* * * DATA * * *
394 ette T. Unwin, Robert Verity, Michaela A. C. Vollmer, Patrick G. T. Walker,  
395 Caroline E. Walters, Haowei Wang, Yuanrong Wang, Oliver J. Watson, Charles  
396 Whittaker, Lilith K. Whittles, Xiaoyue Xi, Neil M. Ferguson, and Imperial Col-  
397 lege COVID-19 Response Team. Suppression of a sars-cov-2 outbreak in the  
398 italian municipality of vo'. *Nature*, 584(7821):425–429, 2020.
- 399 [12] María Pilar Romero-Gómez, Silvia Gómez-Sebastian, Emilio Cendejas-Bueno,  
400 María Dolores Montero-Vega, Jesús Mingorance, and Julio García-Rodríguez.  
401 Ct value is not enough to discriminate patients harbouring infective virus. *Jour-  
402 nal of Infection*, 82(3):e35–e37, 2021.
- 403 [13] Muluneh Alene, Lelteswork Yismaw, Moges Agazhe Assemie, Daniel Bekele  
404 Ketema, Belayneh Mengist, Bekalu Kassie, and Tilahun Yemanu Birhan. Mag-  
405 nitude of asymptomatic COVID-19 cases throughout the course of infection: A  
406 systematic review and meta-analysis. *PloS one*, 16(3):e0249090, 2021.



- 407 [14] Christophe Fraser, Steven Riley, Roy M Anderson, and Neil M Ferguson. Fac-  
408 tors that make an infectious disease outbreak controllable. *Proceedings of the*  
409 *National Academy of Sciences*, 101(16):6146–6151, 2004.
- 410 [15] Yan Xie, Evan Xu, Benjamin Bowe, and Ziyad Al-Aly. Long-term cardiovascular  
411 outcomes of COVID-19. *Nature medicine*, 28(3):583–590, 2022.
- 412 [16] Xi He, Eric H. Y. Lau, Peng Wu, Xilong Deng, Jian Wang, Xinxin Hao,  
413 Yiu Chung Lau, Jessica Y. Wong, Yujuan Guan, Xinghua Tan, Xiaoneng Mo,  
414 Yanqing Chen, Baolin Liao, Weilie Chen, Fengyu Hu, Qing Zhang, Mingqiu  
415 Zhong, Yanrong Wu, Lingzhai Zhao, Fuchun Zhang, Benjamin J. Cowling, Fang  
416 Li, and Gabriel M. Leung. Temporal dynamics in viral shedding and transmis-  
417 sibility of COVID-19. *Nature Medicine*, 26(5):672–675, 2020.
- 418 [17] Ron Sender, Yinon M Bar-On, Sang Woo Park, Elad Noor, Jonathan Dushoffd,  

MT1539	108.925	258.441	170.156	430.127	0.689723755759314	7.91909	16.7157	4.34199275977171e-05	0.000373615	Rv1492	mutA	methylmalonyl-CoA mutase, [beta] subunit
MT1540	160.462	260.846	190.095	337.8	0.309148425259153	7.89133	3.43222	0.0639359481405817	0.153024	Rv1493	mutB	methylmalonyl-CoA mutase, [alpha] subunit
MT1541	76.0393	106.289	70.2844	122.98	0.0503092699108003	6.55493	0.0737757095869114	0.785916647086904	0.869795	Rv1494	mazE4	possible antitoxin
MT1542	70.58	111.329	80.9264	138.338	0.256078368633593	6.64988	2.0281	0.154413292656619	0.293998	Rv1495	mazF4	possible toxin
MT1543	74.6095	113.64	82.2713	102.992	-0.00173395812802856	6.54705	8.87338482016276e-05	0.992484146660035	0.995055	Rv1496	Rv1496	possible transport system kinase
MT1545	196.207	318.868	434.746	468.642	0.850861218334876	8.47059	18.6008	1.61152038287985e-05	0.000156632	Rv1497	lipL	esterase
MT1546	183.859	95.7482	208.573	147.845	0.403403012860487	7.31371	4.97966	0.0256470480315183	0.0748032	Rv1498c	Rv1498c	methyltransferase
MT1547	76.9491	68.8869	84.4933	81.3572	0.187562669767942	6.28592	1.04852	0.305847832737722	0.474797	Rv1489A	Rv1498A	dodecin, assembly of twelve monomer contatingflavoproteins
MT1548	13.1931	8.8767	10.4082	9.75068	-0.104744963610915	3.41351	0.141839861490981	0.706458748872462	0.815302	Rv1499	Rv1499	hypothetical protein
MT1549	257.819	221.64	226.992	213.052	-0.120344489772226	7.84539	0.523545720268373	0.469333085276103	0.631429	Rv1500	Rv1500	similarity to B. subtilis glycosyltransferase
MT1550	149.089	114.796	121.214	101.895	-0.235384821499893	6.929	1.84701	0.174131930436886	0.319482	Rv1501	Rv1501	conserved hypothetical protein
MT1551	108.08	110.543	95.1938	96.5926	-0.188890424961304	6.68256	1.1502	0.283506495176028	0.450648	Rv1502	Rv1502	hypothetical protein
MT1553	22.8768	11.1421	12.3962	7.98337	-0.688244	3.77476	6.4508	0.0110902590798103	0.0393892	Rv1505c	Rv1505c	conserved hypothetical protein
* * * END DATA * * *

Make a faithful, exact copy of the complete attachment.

394 ette T. Unwin, Robert Verity, Michaela A. C. Vollmer, Patrick G. T. Walker,  
395 Caroline E. Walters, Haowei Wang, Yuanrong Wang, Oliver J. Watson, Charles  
396 Whittaker, Lilith K. Whittles, Xiaoyue Xi, Neil M. Ferguson, and Imperial Col-  
397 lege COVID-19 Response Team. Suppression of a sars-cov-2 outbreak in the  
398 italian municipality of vo'. *Nature*, 584(7821):425–429, 2020.
- 399 [12] María Pilar Romero-Gómez, Silvia Gómez-Sebastian, Emilio Cendejas-Bueno,  
400 María Dolores Montero-Vega, Jesús Mingorance, and Julio García-Rodríguez.  
401 Ct value is not enough to discriminate patients harbouring infective virus. *Jour-  
402 nal of Infection*, 82(3):e35–e37, 2021.
- 403 [13] Muluneh Alene, Lelteswork Yismaw, Moges Agazhe Assemie, Daniel Bekele  
404 Ketema, Belayneh Mengist, Bekalu Kassie, and Tilahun Yemanu Birhan. Mag-  
405 nitude of asymptomatic COVID-19 cases throughout the course of infection: A  
406 systematic review and meta-analysis. *PloS one*, 16(3):e0249090, 2021.



- 407 [14] Christophe Fraser, Steven Riley, Roy M Anderson, and Neil M Ferguson. Fac-  
408 tors that make an infectious disease outbreak controllable. *Proceedings of the*  
409 *National Academy of Sciences*, 101(16):6146–6151, 2004.
- 410 [15] Yan Xie, Evan Xu, Benjamin Bowe, and Ziyad Al-Aly. Long-term cardiovascular  
411 outcomes of COVID-19. *Nature medicine*, 28(3):583–590, 2022.
- 412 [16] Xi He, Eric H. Y. Lau, Peng Wu, Xilong Deng, Jian Wang, Xinxin Hao,  
413 Yiu Chung Lau, Jessica Y. Wong, Yujuan Guan, Xinghua Tan, Xiaoneng Mo,  
414 Yanqing Chen, Baolin Liao, Weilie Chen, Fengyu Hu, Qing Zhang, Mingqiu  
415 Zhong, Yanrong Wu, Lingzhai Zhao, Fuchun Zhang, Benjamin J. Cowling, Fang  
416 Li, and Gabriel M. Leung. Temporal dynamics in viral shedding and transmis-  
417 sibility of COVID-19. *Nature Medicine*, 26(5):672–675, 2020.
- 418 [17] Ron Sender, Yinon M Bar-On, Sang Woo Park, Elad Noor, Jonathan Dushoffd,  

MT1539	108.925	258.441	170.156	430.127	0.689723755759314	7.91909	16.7157	4.34199275977171e-05	0.000373615	Rv1492	mutA	methylmalonyl-CoA mutase, [beta] subunit
MT1540	160.462	260.846	190.095	337.8	0.309148425259153	7.89133	3.43222	0.0639359481405817	0.153024	Rv1493	mutB	methylmalonyl-CoA mutase, [alpha] subunit
MT1541	76.0393	106.289	70.2844	122.98	0.0503092699108003	6.55493	0.0737757095869114	0.785916647086904	0.869795	Rv1494	mazE4	possible antitoxin
MT1542	70.58	111.329	80.9264	138.338	0.256078368633593	6.64988	2.0281	0.154413292656619	0.293998	Rv1495	mazF4	possible toxin
MT1543	74.6095	113.64	82.2713	102.992	-0.00173395812802856	6.54705	8.87338482016276e-05	0.992484146660035	0.995055	Rv1496	Rv1496	possible transport system kinase
MT1545	196.207	318.868	434.746	468.642	0.850861218334876	8.47059	18.6008	1.61152038287985e-05	0.000156632	Rv1497	lipL	esterase
MT1546	183.859	95.7482	208.573	147.845	0.403403012860487	7.31371	4.97966	0.0256470480315183	0.0748032	Rv1498c	Rv1498c	methyltransferase
MT1547	76.9491	68.8869	84.4933	81.3572	0.187562669767942	6.28592	1.04852	0.305847832737722	0.474797	Rv1489A	Rv1498A	dodecin, assembly of twelve monomer contatingflavoproteins
MT1548	13.1931	8.8767	10.4082	9.75068	-0.104744963610915	3.41351	0.141839861490981	0.706458748872462	0.815302	Rv1499	Rv1499	hypothetical protein
MT1549	257.819	221.64	226.992	213.052	-0.120344489772226	7.84539	0.523545720268373	0.469333085276103	0.631429	Rv1500	Rv1500	similarity to B. subtilis glycosyltransferase
MT1550	149.089	114.796	121.214	101.895	-0.235384821499893	6.929	1.84701	0.174131930436886	0.319482	Rv1501	Rv1501	conserved hypothetical protein
MT1551	108.08	110.543	95.1938	96.5926	-0.188890424961304	6.68256	1.1502	0.283506495176028	0.450648	Rv1502	Rv1502	hypothetical protein
MT1553	22.8768	11.1421	12.3962	7.98337	-0.688244	3.77476	6.4508	0.0110902590798103	0.0393892	Rv1505c	Rv1505c	conserved hypothetical protein